I have been fortunate to be involved in the leadership for many years, having spent six years on the Council, eight years on the Board, and having recently served two terms as Vice President At Large (2010-2013).
SIAM faces a number of challenges that, if elected as President, I relish helping to address, working with SIAM members, SIAM officers, and the excellent SIAM staff.
SIAM’s publications remain strong, but are vulnerable to changes in the way scholarly journals operate (open access, article processing charges, etc.). SIAM needs to monitor the situation and respond appropriately, while striving to provide an even greater service to authors, referees and editors, for example by better use of web tools.
SIAM’s membership is also healthy, but SIAM must continue to enhance membership benefits and work hard to attract and retain student members, who are the future of the society, and to provide value for its members in industry.
Book sales are declining globally and in academic publishing it is becoming harder to find authors with the time to write a book. Nevertheless, the SIAM book program is in a strong position and the 2015 review of the program that I chaired has produced a list of recommendations that should help it to thrive.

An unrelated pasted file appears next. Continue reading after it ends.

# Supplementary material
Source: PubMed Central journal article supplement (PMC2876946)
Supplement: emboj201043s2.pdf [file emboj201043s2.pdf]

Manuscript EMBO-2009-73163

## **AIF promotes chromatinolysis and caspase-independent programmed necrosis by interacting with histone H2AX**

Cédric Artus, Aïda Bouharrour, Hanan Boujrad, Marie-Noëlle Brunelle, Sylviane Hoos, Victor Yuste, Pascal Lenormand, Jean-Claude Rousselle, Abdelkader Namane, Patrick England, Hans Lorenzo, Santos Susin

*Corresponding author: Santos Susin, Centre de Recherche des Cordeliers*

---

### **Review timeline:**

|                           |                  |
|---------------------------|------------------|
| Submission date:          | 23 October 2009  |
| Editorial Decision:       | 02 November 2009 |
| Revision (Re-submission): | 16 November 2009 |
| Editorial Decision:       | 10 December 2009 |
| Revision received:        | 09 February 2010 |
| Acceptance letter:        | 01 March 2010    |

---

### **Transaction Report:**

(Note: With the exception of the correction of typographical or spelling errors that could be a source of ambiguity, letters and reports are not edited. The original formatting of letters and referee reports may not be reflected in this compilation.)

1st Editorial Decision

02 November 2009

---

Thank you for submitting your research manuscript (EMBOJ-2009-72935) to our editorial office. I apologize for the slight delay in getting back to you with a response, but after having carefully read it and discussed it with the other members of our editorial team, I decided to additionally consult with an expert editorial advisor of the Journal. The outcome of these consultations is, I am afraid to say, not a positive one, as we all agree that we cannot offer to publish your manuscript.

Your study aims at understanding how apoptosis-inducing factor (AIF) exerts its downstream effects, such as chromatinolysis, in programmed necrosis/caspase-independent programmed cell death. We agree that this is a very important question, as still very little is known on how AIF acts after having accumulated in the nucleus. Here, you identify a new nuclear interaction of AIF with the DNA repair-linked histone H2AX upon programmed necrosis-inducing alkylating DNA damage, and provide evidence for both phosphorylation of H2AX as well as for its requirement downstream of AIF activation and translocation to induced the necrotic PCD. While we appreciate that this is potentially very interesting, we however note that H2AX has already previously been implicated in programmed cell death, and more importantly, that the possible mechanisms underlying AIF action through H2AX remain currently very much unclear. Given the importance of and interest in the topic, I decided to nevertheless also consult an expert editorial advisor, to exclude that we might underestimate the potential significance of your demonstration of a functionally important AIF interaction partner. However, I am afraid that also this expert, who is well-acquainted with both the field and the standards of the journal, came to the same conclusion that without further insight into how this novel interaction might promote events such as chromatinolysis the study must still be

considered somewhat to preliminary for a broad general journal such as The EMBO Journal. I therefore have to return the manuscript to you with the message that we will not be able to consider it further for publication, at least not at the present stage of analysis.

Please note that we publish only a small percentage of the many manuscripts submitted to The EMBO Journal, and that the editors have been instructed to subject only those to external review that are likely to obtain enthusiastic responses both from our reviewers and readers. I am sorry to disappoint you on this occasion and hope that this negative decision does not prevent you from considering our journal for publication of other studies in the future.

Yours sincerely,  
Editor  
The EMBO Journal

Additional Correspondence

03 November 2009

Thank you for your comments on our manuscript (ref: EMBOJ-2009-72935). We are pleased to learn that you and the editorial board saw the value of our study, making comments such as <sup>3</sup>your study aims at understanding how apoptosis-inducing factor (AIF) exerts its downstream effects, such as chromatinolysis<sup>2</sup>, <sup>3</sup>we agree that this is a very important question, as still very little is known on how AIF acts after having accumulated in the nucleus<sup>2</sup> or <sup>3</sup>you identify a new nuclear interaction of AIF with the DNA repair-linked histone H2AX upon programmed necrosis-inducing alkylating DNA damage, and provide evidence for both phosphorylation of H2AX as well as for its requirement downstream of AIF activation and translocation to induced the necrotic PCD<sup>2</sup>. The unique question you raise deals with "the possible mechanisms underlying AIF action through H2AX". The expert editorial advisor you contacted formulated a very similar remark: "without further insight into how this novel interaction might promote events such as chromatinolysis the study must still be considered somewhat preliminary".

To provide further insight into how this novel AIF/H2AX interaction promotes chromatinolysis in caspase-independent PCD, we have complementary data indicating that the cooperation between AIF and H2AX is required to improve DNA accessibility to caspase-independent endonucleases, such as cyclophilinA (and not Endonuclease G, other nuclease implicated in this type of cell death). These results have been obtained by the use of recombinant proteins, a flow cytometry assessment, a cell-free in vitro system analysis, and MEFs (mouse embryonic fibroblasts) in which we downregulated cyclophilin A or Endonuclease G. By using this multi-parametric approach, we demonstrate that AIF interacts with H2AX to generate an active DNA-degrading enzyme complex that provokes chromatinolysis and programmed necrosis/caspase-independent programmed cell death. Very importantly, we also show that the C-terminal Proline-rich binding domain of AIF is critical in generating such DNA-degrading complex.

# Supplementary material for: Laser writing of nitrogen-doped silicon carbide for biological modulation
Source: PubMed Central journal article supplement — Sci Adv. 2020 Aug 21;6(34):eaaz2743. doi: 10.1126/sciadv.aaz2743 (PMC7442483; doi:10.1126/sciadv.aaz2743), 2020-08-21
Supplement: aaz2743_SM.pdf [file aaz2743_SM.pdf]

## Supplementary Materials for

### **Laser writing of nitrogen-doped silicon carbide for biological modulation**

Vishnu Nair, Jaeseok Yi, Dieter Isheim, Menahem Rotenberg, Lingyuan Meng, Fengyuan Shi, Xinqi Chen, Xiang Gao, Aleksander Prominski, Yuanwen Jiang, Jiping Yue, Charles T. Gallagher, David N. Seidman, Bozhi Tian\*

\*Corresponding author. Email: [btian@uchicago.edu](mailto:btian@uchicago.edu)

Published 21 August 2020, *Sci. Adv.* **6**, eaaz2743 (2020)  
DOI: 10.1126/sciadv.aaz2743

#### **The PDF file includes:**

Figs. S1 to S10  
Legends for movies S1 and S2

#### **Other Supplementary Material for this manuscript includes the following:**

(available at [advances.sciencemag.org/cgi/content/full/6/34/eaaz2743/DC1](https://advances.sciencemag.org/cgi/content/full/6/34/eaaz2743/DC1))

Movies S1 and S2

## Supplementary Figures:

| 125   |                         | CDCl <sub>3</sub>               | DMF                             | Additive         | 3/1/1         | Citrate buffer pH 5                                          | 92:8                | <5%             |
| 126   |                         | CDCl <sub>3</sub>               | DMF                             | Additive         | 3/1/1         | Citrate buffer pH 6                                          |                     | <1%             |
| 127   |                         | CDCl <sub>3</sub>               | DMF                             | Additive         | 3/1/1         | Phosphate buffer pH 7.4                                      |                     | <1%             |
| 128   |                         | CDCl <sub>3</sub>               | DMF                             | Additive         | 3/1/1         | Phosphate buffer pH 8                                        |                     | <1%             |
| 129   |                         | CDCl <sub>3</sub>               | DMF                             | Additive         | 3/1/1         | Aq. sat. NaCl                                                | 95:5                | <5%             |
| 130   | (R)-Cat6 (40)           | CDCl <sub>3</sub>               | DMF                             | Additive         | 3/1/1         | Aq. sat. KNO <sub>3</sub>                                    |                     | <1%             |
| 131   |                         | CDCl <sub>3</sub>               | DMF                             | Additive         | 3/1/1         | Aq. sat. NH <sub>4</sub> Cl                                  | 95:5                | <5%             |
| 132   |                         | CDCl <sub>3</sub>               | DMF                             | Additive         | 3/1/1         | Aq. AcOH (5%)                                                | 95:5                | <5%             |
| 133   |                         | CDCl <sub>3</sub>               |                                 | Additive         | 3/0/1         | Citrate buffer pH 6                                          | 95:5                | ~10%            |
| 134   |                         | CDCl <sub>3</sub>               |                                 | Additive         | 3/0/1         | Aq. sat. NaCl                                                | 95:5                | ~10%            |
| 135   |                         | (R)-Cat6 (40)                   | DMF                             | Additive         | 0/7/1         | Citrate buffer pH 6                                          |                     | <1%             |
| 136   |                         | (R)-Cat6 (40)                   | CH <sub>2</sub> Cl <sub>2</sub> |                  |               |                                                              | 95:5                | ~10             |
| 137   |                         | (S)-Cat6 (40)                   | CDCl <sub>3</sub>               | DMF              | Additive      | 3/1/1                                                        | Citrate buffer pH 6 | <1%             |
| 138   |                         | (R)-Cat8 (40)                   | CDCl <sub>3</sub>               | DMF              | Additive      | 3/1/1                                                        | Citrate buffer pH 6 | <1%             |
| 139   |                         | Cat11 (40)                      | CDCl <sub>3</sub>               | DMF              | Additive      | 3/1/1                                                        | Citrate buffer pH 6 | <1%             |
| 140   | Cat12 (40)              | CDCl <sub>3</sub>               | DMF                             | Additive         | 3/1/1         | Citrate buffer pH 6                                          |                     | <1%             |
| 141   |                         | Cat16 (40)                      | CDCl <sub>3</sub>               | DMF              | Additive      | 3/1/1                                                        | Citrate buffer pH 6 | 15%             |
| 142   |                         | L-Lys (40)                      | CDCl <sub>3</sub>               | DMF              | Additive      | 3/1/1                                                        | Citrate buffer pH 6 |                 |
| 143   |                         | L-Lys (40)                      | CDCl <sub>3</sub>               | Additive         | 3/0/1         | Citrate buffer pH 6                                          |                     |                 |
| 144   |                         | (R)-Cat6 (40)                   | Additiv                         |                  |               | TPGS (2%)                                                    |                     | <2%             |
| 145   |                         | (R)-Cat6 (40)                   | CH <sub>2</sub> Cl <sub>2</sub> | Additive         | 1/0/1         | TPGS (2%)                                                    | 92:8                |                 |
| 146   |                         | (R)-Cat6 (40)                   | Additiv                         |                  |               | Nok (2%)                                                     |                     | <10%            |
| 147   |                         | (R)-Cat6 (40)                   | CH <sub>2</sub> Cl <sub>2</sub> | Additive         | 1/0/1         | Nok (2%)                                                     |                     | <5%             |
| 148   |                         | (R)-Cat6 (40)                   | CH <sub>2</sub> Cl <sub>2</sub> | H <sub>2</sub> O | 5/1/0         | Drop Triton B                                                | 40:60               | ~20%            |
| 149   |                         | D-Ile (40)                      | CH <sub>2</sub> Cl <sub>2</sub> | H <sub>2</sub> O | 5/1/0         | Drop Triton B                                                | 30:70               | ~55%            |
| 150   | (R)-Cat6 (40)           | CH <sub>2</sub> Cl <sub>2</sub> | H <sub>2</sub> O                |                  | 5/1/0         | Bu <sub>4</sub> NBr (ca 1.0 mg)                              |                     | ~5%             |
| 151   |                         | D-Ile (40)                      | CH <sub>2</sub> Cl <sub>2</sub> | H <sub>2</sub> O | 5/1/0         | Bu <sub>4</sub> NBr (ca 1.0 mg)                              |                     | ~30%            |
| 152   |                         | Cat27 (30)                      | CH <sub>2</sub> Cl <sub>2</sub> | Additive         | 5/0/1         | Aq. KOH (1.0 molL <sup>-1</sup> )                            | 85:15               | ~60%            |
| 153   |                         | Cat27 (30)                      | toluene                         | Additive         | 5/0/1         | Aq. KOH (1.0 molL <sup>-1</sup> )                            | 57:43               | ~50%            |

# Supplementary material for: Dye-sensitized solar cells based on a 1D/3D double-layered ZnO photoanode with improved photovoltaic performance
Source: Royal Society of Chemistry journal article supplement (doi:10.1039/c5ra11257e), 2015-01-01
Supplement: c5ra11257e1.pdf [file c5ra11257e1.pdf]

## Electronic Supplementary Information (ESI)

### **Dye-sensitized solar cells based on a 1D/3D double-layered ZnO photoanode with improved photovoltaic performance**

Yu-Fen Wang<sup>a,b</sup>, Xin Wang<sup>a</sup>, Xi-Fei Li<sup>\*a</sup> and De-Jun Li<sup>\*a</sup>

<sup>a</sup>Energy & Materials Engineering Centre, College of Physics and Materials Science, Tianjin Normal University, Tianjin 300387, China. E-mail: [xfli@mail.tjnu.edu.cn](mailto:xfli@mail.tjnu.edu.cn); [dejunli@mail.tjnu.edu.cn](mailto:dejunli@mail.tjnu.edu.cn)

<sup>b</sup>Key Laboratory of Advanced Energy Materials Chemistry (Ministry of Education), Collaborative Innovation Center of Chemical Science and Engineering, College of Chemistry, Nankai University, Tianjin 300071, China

SIAM conferences are a terrific place to learn about the latest developments in the subject, meet SIAM staff, browse SIAM books, and attend a business meeting. Attendances continue to grow (the SIAM CSE meeting in Salt Lake City last March was the largest ever SIAM meeting, with over 1700 attendees), but in any given year, the majority of SIAM’s 14,000 members do not attend a SIAM conference. Audio and slide captures of selected lectures are made available on SIAM Presents, but we need to do more to help members engage in virtual participation.
The SIAM web site has provided sterling service for a number of years, but is in need of a major redesign, which is underway. This is an excellent opportunity to integrate better the many services (conferences, journals, books, membership, activity groups, chapters, sections, etc.) in a responsive design. Beyond the core website, SIAM has a strong social media presence, posts a wide variety of videos on its YouTube channel, hosts SIAM Blogs (which I was involved in setting up in 2013), has recently made SIAM News available online, and has SIAM Connect and SIAM Unwrapped as further outlets. Optimizing the use of all these communication tools will be an ongoing effort.
These are just some of the challenges facing SIAM in the future as it continues to play a global leadership role for applied mathematics.
Charlie Van Loan, Joseph C. Ford Professor of Engineering in the Department of Computer Science at Cornell University, retires in summer 2016.
Charlie has been a huge inspiration to me and many others, not least through his book Matrix Computations, with Gene Golub, now in its fourth edition. I wrote about the book on the occasion of the publication of the fourth edition (2013) in this previous post.
Following his PhD at the University of Michigan, Charlie visited the Department of Mathematics at the University of Manchester in 1974–1975 as a Science Research Council Research Fellow. He wrote the department’s first Numerical Analysis Report as well as three more of the first ten reports, as explained in this post.